On March 26, 2013, Columbia Pictures hosted a special sneak-preview event of the action thriller “White House Down.” During the event, the movie’s trailer and eight minutes of advance footage from the movie were shown simultaneously via satellite to an audience in New York City and an audience in London. There was also a Q&A with three of the key team members of the movie: “White House Down” co-star Jamie Foxx and “White House Down” director Roland Emmerich were in New York City, while “White House Down” co-star Channing Tatum was in London.
“White House Down” is the second major movie of 2013 that is about the White House under attack by terrorists, while a heroic lawman comes to the rescue of the president of the United States and other people trapped in the White House. (“Olympus Has Fallen,” which has a similar concept, arrived in theaters first, in March 2013.) In “White House Down,” Oscar winner Foxx plays President James Sawyer. Tatum is John Cale, a police officer who wants to be a Secret Service agent. Cale is doing a visitor’s tour of the White House with his daughter Emily (played by Joey King) when the White House is attacked by terrorists, who hold several people hostage.
There are moments of humor in “White House Down” that the over-serious “Olympus Has Fallen” does not have. For example, in one scene, Foxx’s President Sawyer character takes a moment in the chaos to go to his closet and change his footwear from formal loafers to Air Jordans. Later, when a terrorist has grabbed President Sawyer by the feet, he hits the terrorist while yelling, “Get your hands off my Jordans!” “White House Down” opens in North American theaters on June 28, 2013. Here is what Foxx, Emmerich and Tatum said at the sneak-preview Q&A when they answered questions from moderators.
Roland, what drew you to this story and what makes “White House Down” different and special?
Emmerich: It was a great script. And what was so great about it is told a very personal story about somebody who loves his little girl very much. And this girl has a hero, and it’s the president. And because of her, [her father] wants to go under the detail of the president and become a Secret Service agent. He’s already a police officer.
And what’s really interesting about it is that there’s this underlying threat. It’s a story where America gets brought down from people within. Normally with every movie, it’s foreign terrorists from some other country … I was so impressed about the script because it was about this house could be brought down by the people who are working for the government, which makes it more of a coup d’état.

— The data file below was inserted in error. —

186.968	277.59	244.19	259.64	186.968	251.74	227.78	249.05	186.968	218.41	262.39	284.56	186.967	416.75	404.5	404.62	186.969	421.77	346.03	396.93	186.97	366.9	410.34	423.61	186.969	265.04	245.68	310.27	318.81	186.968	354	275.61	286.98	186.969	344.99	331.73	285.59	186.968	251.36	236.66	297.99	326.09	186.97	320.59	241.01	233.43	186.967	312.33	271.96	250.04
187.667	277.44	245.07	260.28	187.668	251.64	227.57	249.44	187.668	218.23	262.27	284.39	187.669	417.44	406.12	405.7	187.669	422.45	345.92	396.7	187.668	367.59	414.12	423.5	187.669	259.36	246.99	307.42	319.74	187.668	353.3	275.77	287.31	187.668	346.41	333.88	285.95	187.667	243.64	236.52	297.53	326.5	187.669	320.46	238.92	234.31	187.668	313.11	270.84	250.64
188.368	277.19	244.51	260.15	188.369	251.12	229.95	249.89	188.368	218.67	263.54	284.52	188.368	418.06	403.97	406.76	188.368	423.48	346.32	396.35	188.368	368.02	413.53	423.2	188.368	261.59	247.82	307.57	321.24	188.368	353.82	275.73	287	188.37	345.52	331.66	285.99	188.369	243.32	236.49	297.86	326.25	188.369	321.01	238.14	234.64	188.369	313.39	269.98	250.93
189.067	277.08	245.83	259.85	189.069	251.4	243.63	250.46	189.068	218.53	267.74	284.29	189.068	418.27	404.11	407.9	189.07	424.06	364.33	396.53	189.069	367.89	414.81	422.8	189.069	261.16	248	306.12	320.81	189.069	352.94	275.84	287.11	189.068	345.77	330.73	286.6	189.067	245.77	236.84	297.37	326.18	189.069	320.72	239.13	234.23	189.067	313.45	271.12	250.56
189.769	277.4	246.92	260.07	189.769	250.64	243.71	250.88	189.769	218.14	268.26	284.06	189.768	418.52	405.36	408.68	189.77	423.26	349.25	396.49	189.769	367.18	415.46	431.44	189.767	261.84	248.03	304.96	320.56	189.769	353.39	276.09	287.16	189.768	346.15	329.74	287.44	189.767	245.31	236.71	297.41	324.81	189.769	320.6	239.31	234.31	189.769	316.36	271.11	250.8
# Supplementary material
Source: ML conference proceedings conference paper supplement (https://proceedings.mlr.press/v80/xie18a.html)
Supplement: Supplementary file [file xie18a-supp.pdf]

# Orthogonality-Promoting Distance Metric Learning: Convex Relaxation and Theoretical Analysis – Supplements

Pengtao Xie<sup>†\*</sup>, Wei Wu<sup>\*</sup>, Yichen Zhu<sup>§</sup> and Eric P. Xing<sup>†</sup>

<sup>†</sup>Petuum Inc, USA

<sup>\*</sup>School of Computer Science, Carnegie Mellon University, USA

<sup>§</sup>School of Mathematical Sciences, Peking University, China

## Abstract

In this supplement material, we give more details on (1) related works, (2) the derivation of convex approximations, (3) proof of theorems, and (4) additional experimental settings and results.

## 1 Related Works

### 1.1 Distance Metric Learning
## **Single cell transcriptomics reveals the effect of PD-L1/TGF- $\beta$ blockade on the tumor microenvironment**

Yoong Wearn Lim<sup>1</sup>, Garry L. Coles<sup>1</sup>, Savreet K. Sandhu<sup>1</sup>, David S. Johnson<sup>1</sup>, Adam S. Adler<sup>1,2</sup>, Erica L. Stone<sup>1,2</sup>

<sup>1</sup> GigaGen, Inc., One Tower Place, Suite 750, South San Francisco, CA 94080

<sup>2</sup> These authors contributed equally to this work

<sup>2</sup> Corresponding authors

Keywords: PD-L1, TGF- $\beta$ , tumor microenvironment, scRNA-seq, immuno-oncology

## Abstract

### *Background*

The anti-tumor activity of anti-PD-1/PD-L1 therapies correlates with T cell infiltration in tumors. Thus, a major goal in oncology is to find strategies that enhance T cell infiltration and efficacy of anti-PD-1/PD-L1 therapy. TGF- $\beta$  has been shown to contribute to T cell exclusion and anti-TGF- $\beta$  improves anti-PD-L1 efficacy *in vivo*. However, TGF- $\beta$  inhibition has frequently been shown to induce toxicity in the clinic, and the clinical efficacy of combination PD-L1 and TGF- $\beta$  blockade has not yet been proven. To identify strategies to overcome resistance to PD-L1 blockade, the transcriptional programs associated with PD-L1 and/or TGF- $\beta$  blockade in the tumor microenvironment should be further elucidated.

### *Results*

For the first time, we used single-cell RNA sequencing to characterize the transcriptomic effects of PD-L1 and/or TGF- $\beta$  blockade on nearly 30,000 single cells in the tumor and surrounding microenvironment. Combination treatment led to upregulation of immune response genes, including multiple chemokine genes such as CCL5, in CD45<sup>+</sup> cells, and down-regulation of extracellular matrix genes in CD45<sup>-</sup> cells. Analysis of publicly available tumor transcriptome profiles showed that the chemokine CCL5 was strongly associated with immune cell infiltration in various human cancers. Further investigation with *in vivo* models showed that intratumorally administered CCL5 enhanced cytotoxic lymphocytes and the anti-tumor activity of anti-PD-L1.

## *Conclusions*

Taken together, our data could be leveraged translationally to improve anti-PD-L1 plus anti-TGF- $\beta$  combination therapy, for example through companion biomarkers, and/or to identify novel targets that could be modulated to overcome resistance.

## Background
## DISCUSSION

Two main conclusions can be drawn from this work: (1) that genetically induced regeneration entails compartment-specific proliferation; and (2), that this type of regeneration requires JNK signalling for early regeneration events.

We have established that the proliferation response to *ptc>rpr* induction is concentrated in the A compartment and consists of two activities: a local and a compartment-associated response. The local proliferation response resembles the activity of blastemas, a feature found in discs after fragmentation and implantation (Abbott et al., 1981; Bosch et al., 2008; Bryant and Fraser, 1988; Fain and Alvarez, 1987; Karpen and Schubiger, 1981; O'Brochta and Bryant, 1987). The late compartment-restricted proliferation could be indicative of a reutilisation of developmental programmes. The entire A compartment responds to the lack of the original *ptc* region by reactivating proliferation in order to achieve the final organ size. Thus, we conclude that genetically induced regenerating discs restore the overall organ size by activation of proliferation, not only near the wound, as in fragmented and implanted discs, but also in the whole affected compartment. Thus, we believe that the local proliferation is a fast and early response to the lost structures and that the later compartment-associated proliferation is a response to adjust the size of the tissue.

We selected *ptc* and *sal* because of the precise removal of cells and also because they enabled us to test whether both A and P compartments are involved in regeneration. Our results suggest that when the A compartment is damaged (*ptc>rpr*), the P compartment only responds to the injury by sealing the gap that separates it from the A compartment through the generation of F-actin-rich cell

Channing, you play a father for the first time in a movie. What was that like?
Tatum: Scary, because I’m about to be a dad. It was kind of fun though. It kind of gave me a nine-year look into the future and what that craziness is going to be. Joey King, she’s an unbelievable, beautiful little monster. She’s such an amazing little actress.
We had so much fun in the movie. I’ve never played a dad. You never know what you’re going to be asked to do. I’ve never been a dad, so you’re going to have to figure it out. But I loved it. It was great.
What was your favorite part of being on the set of “White House Down”?
Tatum: Listening to Roland’s accent every day. It was so much fun to hear how he comes up with words like “Lincoln” [he pronounces it “Link-awn”]. Every morning, he’d be like [he says in a German accent], “Hello, how are you?” It was weird.
No, I’ve always loved Roland’s movies. This movie is not an alien movie, by the way. It’s not “Independence Day 2.” Roland’s right: The feeling of the movie for me, being an American, I’m not a political person, but I don’t know if I’ve ever been in America right now and felt there are two different sides to America.
Like I feel like we’re so split down the middle between red and blue and black and white, I felt really good about the premise of the film. It’s not about some foreign attack. It’s about America really coming to a serious point and attacking itself from the inside.
Channing, how was it working with Jamie Foxx?
Tatum: He’s a mentor, a big brother and by far one of the most unbelievably talented individuals I’ve ever been around, much less get a chance to work with.
Foxx: [He says jokingly] Good to point out … I’ll cut the check later.